Nov 18, 2019

DOJ will seek end to movie studio rules

Makan Delrahim. Photo: Mike Cohen/Getty Images for The New York Times

The Justice Department will seek a court's approval to get rid of decades-old rules restricting how movie studios can distribute films, DOJ antitrust chief Makan Delrahim said Monday.

Why it matters: While the DOJ and FTC are investigating tech companies for anticompetitive behavior, Delrahim warned against hurting innovation by over-enforcing or putting in place strict rules that could outlive their usefulness.

How it works: The Paramount Consent Decrees from the late 1940s prohibited major movie studios from both distributing films and owning theaters without court approval, as well as banning practices such as setting minimum prices for movie tickets.

  • Delrahim said the rules no longer make sense in the current media landscape.
  • "Once innovation has occurred, however, it would be a mistake for antitrust enforcers to limit the potential for consumer-enhancing innovation," Delrahim said in a speech at the American Bar Association's antitrust forum. "We cannot pretend that the business of film distribution and exhibition remains the same as it was 80 years ago."

Go deeper: Justice Dept. reviewing movie licensing restrictions on the books for decades (Hollywood Reporter)

Go deeper

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Minnesota activates National Guard amid fallout from George Floyd death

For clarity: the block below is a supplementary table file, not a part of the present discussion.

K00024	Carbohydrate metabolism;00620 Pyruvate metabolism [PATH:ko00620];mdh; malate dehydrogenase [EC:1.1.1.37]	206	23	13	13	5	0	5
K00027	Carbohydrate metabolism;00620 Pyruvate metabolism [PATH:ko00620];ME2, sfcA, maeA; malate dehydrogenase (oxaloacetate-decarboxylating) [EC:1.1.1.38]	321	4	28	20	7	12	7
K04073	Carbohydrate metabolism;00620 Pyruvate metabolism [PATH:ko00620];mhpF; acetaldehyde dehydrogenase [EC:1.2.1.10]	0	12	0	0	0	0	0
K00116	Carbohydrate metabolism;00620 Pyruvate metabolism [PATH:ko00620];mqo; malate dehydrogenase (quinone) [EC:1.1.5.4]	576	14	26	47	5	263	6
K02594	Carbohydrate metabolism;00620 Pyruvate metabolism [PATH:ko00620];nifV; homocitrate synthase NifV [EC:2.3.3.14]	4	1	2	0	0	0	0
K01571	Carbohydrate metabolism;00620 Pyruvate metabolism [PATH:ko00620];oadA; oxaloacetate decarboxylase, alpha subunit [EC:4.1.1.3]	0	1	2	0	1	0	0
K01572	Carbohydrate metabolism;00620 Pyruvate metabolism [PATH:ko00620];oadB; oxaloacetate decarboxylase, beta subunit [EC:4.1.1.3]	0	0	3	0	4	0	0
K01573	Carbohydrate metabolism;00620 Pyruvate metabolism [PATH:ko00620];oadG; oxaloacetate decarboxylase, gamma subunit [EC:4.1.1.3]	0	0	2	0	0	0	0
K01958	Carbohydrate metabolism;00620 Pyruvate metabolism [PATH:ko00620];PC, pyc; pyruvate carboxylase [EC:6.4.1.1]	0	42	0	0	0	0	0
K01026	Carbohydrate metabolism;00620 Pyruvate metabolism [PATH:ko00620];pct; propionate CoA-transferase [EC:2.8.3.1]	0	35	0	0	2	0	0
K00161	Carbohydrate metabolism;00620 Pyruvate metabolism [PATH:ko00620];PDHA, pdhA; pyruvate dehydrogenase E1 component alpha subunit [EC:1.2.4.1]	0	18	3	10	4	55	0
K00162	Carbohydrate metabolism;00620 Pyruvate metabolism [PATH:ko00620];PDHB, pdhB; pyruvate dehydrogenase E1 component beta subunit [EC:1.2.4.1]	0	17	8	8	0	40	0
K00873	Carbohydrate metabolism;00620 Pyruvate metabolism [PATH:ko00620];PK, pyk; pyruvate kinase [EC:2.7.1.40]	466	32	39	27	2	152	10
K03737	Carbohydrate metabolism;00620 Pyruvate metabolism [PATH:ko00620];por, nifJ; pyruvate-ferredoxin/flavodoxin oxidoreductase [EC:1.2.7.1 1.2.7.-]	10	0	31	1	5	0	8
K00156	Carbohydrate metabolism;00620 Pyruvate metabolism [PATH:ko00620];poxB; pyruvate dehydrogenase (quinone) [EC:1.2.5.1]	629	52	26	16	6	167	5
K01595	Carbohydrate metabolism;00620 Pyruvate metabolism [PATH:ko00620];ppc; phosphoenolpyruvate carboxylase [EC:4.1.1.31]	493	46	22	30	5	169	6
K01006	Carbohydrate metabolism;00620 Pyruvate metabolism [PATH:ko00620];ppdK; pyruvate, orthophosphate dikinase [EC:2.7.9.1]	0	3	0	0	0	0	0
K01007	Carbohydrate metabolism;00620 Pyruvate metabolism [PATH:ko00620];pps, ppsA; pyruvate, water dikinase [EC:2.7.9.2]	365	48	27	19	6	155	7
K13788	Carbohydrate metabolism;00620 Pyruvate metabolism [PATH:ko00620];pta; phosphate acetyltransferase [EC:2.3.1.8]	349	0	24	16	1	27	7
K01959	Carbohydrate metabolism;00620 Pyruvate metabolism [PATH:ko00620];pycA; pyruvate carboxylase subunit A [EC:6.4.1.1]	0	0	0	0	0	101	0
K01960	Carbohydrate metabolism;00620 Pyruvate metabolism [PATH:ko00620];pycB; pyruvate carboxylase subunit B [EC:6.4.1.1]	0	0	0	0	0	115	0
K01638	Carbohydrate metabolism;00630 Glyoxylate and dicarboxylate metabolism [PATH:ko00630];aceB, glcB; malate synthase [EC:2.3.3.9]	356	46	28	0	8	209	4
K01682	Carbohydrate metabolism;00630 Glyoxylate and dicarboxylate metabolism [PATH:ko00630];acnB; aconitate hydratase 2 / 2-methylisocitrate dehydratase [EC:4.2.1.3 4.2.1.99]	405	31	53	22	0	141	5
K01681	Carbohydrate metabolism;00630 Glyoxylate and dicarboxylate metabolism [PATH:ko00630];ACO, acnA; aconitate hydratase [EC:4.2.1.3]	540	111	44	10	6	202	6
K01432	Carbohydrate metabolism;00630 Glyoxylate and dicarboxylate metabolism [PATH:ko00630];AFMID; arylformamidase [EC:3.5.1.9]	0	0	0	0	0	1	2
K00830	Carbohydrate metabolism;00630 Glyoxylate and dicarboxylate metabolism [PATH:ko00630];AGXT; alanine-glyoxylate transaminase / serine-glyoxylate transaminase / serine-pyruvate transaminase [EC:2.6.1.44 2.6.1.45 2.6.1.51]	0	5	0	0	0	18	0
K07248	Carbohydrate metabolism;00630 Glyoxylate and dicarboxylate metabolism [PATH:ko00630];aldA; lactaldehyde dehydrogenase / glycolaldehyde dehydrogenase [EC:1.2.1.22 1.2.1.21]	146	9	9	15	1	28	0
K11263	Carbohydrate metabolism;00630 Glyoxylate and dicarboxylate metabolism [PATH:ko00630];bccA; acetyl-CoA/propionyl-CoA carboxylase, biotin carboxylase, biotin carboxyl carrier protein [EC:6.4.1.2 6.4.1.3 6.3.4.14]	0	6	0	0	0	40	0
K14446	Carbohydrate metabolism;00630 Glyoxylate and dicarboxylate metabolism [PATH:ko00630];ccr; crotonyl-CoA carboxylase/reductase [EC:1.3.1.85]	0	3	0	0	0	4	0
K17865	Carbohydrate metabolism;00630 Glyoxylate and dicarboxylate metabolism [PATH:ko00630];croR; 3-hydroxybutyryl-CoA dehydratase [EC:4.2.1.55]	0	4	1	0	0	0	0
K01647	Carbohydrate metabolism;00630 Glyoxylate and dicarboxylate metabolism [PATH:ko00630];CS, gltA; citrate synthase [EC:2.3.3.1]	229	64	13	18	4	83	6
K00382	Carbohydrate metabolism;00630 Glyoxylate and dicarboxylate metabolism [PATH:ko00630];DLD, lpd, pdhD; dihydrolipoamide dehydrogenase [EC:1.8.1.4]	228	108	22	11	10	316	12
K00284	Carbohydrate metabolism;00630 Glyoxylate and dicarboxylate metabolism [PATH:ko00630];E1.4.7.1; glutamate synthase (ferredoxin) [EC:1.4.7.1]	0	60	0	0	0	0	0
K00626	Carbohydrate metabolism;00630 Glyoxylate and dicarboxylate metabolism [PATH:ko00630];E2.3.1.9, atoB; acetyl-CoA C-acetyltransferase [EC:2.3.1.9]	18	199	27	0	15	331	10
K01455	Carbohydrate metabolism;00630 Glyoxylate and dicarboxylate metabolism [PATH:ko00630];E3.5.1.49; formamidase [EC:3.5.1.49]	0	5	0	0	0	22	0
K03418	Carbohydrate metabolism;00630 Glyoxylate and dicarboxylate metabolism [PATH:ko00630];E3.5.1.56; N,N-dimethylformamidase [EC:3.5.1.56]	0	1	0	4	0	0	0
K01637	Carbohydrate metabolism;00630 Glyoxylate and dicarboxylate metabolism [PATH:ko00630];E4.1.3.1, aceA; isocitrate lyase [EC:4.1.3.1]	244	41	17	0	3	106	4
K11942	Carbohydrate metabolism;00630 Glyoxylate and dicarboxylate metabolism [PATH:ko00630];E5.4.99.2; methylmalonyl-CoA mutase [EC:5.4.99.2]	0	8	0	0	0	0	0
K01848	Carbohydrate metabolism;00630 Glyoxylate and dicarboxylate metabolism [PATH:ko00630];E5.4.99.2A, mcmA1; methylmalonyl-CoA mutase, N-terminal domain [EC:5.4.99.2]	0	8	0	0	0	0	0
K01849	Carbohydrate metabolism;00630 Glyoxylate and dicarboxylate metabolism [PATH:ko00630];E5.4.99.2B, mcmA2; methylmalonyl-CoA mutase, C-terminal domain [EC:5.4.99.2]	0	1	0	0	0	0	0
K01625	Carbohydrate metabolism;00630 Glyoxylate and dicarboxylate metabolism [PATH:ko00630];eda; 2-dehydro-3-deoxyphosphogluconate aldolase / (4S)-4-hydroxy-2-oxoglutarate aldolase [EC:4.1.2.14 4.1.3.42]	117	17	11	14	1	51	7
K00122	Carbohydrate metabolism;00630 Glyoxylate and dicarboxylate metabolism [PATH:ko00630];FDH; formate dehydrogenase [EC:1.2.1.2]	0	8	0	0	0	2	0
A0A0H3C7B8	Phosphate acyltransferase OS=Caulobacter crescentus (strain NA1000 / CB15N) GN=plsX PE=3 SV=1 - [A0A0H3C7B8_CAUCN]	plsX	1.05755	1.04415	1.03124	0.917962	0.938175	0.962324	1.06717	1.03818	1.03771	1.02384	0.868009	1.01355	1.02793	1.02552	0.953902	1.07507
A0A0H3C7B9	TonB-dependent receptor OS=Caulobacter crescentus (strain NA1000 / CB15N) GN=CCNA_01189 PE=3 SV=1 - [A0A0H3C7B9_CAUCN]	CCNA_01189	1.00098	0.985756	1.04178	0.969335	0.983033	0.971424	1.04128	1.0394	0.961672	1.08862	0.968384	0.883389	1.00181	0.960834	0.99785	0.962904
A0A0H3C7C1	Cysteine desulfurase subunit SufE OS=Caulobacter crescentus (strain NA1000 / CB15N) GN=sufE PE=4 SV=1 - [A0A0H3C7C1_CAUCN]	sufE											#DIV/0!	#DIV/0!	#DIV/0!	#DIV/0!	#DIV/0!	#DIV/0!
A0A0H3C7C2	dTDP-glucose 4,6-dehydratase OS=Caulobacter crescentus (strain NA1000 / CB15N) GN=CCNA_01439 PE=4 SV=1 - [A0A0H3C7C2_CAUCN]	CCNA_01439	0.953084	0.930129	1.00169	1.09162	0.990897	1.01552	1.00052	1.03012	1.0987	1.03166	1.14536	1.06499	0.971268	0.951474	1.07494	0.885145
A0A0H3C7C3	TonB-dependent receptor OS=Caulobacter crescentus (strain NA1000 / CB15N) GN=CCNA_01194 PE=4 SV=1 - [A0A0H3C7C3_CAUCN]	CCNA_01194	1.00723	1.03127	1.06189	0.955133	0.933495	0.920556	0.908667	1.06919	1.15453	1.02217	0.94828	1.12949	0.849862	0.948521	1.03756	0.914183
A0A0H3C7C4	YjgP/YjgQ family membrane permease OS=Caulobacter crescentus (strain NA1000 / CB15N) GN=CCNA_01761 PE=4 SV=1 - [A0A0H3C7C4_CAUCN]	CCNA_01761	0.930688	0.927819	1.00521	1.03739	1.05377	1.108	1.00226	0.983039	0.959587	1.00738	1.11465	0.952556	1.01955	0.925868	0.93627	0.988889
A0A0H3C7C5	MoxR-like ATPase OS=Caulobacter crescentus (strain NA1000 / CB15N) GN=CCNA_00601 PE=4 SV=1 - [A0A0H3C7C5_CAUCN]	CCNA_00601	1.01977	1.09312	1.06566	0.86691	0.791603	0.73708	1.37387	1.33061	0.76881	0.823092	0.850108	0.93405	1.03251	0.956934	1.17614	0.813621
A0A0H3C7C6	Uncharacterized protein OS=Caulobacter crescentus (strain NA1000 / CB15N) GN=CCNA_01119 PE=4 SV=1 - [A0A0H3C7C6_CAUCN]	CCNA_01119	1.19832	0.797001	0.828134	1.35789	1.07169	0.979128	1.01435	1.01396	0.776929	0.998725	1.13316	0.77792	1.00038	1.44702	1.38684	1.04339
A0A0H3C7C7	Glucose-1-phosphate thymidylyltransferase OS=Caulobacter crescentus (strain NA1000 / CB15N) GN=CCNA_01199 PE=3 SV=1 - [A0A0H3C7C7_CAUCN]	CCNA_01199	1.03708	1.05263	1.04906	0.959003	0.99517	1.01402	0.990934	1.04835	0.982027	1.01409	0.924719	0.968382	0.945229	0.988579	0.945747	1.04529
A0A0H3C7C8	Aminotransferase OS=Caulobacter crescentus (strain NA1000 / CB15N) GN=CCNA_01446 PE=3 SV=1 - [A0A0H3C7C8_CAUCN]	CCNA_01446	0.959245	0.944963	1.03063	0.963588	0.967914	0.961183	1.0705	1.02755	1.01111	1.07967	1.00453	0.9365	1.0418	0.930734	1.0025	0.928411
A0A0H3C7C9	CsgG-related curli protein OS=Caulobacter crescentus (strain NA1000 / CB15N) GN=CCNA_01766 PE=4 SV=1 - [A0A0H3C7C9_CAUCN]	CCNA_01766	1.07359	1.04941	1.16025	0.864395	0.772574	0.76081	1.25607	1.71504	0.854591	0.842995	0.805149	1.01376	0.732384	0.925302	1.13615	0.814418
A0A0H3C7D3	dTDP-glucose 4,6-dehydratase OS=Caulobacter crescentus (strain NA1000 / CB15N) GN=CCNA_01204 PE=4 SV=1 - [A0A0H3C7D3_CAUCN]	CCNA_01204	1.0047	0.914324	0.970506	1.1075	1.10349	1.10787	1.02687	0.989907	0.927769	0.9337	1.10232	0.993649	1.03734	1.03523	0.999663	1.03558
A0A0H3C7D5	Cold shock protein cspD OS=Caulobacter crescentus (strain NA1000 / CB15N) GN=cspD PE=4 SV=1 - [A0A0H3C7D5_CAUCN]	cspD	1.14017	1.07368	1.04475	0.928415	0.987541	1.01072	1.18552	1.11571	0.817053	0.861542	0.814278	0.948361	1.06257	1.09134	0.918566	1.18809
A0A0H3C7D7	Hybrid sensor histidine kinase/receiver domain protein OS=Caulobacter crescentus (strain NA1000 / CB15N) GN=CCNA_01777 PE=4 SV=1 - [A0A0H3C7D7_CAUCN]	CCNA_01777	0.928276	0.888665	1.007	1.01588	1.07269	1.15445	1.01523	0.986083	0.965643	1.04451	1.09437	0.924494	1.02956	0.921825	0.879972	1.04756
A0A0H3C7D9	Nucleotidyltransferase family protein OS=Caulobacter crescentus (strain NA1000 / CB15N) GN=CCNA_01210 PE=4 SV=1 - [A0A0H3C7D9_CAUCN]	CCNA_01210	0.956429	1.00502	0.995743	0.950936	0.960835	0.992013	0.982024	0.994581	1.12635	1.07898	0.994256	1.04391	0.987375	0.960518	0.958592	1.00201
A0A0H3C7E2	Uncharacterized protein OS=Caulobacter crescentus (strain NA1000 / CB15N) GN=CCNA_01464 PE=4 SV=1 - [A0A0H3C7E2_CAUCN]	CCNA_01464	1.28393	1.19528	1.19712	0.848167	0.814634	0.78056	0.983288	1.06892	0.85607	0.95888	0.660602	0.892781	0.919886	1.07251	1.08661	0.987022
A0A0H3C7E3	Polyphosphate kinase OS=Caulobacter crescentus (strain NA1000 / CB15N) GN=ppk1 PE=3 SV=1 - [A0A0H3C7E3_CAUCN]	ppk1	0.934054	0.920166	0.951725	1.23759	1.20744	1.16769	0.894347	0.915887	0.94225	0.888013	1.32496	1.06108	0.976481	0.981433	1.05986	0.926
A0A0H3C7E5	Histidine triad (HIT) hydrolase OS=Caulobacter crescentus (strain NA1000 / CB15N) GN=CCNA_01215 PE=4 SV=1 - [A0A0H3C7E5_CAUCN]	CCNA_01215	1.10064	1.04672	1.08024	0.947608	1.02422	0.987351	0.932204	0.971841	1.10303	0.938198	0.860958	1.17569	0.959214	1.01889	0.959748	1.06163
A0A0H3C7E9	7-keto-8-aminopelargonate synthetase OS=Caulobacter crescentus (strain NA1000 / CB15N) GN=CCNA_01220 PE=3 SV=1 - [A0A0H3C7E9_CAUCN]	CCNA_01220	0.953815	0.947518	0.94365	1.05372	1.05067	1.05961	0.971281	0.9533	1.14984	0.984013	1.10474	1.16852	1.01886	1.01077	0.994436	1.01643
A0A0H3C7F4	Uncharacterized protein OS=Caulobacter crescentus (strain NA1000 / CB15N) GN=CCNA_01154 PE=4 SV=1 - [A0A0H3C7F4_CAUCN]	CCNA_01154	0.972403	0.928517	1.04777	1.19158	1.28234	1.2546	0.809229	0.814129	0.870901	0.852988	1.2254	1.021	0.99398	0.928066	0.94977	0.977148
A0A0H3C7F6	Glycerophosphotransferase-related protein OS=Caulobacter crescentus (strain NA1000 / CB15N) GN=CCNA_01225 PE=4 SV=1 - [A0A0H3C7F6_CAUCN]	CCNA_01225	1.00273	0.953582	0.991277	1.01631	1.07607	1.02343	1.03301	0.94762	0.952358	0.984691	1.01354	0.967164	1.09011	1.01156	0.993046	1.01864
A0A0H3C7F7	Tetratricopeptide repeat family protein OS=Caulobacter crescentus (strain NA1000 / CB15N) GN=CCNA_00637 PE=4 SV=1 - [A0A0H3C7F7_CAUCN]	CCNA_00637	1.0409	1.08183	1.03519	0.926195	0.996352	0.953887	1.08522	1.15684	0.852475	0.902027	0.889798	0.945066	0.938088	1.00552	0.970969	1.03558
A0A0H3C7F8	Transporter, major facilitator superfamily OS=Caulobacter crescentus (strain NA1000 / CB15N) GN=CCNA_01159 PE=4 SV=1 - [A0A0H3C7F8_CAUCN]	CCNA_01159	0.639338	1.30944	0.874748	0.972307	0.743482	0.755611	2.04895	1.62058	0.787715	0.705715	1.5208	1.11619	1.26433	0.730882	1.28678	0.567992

A portrait of George Floyd hangs on a street light pole in Minneapolis. Photo: Stephen Maturen/Getty Images

George Floyd, 46, moved to Minnesota to improve his life and become his "best self," but instead, he is dead because of Minneapolis police.

The latest: Minnesota Gov. Tim Walz declared a state of emergency and activated the state's National Guard in response to violent clashes over the past two days between police and protesters in the Twin Cities.

Trump signs executive order targeting protections for social media platforms

President Trump signed an executive order on Thursday designed to limit the legal protections that shield social media companies from liability for the content users post on their platforms.

What they're saying: "Currently, social media giants like Twitter receive an unprecedented liability shield based on the theory that they are a neutral platform, which they are not," Trump said in the Oval Office. "We are fed up with it. It is unfair, and it's been very unfair."